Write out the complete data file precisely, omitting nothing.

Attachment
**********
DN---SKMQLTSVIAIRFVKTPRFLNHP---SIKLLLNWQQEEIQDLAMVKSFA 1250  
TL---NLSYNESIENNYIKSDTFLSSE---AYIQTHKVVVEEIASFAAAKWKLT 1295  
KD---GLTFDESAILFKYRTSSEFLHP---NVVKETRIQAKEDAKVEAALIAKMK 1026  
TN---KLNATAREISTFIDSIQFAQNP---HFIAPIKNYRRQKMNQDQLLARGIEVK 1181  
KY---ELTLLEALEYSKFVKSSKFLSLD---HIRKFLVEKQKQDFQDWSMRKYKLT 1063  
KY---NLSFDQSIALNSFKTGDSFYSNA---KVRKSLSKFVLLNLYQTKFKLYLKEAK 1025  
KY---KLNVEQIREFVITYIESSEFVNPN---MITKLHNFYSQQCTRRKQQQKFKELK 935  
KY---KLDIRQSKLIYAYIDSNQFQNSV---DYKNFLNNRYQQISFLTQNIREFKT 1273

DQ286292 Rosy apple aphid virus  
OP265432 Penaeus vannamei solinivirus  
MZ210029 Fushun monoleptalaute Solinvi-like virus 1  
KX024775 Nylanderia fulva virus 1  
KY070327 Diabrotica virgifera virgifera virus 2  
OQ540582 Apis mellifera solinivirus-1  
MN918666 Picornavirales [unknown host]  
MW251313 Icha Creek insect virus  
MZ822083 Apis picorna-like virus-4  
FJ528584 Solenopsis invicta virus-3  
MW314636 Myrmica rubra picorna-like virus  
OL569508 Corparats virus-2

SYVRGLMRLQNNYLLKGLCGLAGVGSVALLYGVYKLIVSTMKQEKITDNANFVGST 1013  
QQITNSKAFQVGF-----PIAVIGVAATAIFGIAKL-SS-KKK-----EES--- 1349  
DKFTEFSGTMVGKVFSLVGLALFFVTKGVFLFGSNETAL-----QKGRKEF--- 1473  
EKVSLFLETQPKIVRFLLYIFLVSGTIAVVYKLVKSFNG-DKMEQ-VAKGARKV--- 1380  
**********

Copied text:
DN---SKMQLTSVIAIRFVKTPRFLNHP---SIKLLLNWQQEEIQDLAMVKSFA 1250  
TL---NLSYNESIENNYIKSDTFLSSE---AYIQTHKVVVEEIASFAAAKWKLT 1295  
KD---GLTFDESAILFKYRTSSEFLHP---NVVKETRIQAKEDAKVEAALIAKMK 1026  
TN---KLNATAREISTFIDSIQFAQNP---HFIAPIKNYRRQKMNQDQLLARGIEVK 1181  
KY---ELTLLEALEYSKFVKSSKFLSLD---HIRKFLVEKQKQDFQDWSMRKYKLT 1063  
KY---NLSFDQSIALNSFKTGDSFYSNA---KVRKSLSKFVLLNLYQTKFKLYLKEAK 1025  
KY---KLNVEQIREFVITYIESSEFVNPN---MITKLHNFYSQQCTRRKQQQKFKELK 935  
KY---KLDIRQSKLIYAYIDSNQFQNSV---DYKNFLNNRYQQISFLTQNIREFKT 1273

DQ286292 Rosy apple aphid virus  
OP265432 Penaeus vannamei solinivirus  
MZ210029 Fushun monoleptalaute Solinvi-like virus 1  
KX024775 Nylanderia fulva virus 1  
KY070327 Diabrotica virgifera virgifera virus 2  
OQ540582 Apis mellifera solinivirus-1  
MN918666 Picornavirales [unknown host]  
MW251313 Icha Creek insect virus  
MZ822083 Apis picorna-like virus-4  
FJ528584 Solenopsis invicta virus-3  
MW314636 Myrmica rubra picorna-like virus  
OL569508 Corparats virus-2

SYVRGLMRLQNNYLLKGLCGLAGVGSVALLYGVYKLIVSTMKQEKITDNANFVGST 1013  
QQITNSKAFQVGF-----PIAVIGVAATAIFGIAKL-SS-KKK-----EES--- 1349  
DKFTEFSGTMVGKVFSLVGLALFFVTKGVFLFGSNETAL-----QKGRKEF--- 1473  
EKVSLFLETQPKIVRFLLYIFLVSGTIAVVYKLVKSFNG-DKMEQ-VAKGARKV--- 1380  